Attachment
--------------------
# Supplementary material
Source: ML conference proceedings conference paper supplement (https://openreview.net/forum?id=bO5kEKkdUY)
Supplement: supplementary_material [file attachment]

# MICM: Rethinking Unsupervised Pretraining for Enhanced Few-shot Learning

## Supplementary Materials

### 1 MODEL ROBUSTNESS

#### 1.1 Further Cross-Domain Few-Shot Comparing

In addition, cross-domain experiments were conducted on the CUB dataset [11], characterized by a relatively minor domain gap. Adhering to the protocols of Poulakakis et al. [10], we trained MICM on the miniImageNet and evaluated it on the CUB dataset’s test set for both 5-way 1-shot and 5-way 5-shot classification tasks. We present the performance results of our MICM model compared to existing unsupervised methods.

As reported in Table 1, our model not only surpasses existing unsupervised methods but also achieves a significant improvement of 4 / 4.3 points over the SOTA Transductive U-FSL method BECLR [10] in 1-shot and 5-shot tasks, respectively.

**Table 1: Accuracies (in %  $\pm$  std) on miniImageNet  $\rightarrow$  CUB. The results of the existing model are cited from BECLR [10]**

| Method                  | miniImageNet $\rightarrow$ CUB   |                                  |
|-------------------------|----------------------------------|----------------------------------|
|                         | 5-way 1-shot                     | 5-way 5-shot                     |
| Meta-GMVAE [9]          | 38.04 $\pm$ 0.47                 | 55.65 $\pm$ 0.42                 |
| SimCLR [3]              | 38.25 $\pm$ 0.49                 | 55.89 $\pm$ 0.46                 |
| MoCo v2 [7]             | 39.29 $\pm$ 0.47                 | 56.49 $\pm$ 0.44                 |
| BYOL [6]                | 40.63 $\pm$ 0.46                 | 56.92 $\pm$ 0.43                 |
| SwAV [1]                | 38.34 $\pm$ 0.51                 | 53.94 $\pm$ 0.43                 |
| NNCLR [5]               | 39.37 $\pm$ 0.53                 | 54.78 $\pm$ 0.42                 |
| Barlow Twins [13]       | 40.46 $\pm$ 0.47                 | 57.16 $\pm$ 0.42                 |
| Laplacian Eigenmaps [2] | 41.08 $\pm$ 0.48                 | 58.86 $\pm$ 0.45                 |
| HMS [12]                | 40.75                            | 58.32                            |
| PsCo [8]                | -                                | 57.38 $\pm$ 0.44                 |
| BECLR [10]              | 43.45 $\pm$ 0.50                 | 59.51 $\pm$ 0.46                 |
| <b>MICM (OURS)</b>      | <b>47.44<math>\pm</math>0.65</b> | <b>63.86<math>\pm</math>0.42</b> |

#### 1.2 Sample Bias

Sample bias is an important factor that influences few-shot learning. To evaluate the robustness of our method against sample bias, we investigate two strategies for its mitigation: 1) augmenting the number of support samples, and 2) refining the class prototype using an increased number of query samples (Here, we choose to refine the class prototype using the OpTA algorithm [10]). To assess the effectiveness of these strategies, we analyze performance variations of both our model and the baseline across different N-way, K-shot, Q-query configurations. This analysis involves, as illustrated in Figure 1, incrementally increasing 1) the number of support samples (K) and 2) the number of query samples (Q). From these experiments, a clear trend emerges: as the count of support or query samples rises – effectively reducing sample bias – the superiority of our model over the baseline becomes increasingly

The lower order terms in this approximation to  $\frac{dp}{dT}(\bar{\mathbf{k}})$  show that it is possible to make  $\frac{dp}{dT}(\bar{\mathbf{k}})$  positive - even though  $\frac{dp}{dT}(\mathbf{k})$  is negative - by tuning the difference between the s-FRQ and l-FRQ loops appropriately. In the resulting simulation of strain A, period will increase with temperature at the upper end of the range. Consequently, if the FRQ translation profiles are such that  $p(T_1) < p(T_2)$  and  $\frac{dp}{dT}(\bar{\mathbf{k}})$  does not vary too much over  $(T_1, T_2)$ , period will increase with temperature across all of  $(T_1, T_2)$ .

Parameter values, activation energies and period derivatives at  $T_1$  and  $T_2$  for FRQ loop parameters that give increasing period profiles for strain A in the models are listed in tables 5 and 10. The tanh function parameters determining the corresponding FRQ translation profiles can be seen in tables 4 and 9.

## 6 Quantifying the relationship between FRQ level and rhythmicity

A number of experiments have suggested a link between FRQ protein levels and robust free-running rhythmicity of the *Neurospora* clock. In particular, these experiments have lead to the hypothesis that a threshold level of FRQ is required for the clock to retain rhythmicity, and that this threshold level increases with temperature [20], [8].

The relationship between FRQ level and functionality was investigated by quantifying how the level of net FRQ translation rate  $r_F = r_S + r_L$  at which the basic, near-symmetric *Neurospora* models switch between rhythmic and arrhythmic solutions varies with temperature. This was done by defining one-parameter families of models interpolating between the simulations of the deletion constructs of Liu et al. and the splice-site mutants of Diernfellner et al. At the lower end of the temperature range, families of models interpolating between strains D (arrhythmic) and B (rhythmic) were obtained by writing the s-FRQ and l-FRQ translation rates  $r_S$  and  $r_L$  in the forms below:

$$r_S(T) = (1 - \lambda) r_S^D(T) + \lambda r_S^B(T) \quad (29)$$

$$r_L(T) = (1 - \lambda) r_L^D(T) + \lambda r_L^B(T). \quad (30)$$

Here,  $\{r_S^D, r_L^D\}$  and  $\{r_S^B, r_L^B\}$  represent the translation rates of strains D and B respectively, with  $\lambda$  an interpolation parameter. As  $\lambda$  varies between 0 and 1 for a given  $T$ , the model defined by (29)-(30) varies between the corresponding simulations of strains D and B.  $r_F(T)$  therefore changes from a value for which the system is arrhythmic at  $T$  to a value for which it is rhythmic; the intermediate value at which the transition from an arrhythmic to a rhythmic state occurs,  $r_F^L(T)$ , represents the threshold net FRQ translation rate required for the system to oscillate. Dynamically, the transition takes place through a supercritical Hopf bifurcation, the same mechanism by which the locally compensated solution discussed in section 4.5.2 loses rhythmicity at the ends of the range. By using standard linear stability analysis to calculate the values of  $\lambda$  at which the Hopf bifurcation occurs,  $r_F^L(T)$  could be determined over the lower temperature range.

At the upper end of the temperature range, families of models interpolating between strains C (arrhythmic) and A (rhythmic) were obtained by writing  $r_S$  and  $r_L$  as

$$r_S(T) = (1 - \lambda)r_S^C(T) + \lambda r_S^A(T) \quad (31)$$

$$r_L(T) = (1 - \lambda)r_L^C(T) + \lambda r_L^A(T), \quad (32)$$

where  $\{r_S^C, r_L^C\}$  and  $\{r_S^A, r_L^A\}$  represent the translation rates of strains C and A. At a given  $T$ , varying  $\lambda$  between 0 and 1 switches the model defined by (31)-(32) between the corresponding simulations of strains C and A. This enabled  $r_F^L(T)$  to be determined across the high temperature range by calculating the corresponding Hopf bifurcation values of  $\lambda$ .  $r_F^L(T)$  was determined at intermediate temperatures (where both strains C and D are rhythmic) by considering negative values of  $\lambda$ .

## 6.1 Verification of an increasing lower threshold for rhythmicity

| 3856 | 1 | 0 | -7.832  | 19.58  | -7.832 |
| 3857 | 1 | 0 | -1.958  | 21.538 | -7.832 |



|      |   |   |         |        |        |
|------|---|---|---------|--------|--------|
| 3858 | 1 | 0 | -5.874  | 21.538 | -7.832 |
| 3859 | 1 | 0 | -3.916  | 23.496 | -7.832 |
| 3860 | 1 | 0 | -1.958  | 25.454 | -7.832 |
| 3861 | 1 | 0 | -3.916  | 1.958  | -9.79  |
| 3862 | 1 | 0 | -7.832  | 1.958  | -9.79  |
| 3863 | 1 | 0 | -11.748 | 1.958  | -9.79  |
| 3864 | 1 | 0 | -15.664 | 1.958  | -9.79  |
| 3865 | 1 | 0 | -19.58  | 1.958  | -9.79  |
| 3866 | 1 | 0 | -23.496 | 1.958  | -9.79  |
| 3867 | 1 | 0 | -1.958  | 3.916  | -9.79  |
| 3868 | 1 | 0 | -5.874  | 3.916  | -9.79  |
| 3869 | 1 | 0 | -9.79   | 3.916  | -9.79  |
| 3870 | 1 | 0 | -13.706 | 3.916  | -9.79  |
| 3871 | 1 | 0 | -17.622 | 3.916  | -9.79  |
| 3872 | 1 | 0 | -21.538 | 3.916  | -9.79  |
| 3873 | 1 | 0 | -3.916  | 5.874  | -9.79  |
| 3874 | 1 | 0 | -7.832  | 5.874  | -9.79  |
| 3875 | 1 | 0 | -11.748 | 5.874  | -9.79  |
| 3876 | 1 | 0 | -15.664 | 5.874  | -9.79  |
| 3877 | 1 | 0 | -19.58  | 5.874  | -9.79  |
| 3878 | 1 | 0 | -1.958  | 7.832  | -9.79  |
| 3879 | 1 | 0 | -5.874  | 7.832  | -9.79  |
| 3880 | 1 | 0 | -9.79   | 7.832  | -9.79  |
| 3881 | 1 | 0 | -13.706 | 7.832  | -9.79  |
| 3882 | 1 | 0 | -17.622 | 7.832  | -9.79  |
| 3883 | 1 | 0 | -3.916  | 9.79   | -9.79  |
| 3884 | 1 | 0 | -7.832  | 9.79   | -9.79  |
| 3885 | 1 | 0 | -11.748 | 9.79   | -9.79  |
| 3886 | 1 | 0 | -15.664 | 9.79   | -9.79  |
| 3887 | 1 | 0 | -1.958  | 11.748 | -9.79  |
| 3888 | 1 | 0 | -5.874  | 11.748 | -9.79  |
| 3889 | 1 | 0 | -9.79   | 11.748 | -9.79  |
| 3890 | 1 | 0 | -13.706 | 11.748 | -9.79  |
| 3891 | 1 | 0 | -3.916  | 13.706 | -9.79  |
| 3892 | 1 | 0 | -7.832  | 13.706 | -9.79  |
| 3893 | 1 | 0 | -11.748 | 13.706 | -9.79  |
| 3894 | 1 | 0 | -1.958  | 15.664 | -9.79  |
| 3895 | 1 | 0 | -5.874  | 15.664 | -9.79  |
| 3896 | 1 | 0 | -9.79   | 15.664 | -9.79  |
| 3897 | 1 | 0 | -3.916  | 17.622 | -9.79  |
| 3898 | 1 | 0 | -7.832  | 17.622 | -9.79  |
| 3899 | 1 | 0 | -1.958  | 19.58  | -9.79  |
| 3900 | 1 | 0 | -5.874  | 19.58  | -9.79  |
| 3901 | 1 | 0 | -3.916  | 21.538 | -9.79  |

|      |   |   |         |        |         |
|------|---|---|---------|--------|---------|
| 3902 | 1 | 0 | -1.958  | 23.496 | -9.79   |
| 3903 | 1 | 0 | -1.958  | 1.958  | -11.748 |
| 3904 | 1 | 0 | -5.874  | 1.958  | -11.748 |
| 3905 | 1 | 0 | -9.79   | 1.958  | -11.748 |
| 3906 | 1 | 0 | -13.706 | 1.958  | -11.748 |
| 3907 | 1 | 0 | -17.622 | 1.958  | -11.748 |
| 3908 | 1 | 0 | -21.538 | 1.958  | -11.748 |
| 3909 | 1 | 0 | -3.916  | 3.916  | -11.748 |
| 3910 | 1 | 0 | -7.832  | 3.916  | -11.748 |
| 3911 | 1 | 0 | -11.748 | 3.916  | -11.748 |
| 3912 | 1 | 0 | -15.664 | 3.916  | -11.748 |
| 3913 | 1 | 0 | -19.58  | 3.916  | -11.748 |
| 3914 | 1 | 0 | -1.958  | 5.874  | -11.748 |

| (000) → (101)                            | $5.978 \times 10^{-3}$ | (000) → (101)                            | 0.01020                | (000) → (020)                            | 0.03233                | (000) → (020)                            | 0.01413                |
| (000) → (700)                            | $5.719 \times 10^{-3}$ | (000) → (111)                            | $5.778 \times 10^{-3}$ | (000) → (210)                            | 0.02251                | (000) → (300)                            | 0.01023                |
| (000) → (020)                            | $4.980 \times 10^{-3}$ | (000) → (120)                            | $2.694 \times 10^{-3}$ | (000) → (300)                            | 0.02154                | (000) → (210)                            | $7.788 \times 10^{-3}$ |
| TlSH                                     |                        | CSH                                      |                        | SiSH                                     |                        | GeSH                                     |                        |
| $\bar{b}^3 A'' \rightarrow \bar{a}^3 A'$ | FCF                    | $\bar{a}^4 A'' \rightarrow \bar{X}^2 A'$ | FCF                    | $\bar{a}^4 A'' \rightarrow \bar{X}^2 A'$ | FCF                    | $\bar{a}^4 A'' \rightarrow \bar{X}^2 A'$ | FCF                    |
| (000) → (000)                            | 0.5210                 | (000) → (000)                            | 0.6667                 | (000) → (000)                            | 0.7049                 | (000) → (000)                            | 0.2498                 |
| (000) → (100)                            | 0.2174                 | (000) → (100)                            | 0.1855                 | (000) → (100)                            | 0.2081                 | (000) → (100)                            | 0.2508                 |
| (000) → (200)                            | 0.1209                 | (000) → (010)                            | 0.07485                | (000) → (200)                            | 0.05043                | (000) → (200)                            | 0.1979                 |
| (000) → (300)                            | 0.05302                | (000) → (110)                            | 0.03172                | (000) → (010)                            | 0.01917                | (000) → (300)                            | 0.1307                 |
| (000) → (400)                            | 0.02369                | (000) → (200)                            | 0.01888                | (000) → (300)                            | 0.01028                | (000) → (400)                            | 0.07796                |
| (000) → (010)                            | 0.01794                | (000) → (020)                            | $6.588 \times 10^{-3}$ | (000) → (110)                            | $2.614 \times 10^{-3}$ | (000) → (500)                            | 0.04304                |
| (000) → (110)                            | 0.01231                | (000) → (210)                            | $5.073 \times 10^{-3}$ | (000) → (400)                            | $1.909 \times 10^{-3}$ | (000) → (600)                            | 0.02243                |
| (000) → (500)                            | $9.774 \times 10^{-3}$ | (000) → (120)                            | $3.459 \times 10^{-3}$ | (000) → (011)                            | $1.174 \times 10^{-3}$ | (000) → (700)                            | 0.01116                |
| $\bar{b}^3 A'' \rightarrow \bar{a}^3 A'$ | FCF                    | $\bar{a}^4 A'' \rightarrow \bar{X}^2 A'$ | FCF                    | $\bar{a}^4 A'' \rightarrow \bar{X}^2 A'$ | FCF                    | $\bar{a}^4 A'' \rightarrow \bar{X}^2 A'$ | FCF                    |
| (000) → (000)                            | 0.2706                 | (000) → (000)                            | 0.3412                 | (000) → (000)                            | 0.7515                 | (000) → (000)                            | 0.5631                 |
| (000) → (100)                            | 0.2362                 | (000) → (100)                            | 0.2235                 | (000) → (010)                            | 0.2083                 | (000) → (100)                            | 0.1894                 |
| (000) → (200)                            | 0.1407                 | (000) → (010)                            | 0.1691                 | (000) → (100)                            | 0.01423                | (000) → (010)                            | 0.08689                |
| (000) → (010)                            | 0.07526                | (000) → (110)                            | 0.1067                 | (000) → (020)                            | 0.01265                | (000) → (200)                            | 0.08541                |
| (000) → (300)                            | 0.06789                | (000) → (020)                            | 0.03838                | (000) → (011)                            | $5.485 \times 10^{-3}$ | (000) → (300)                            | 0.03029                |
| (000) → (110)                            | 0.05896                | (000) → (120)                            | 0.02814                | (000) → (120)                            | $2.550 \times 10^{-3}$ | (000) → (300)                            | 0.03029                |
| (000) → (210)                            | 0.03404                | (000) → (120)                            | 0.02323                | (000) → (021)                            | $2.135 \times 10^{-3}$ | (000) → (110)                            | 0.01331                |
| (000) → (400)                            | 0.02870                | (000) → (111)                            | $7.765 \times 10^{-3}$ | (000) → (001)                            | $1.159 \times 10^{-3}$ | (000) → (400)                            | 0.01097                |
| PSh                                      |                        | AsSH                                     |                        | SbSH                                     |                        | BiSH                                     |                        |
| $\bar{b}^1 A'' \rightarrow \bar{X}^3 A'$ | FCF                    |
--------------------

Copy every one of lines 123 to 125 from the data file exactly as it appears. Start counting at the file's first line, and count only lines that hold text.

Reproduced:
| (000) → (110)                            | 0.05896                | (000) → (120)                            | 0.02814                | (000) → (120)                            | $2.550 \times 10^{-3}$ | (000) → (300)                            | 0.03029                |
| (000) → (210)                            | 0.03404                | (000) → (120)                            | 0.02323                | (000) → (021)                            | $2.135 \times 10^{-3}$ | (000) → (110)                            | 0.01331                |
| (000) → (400)                            | 0.02870                | (000) → (111)                            | $7.765 \times 10^{-3}$ | (000) → (001)                            | $1.159 \times 10^{-3}$ | (000) → (400)                            | 0.01097                |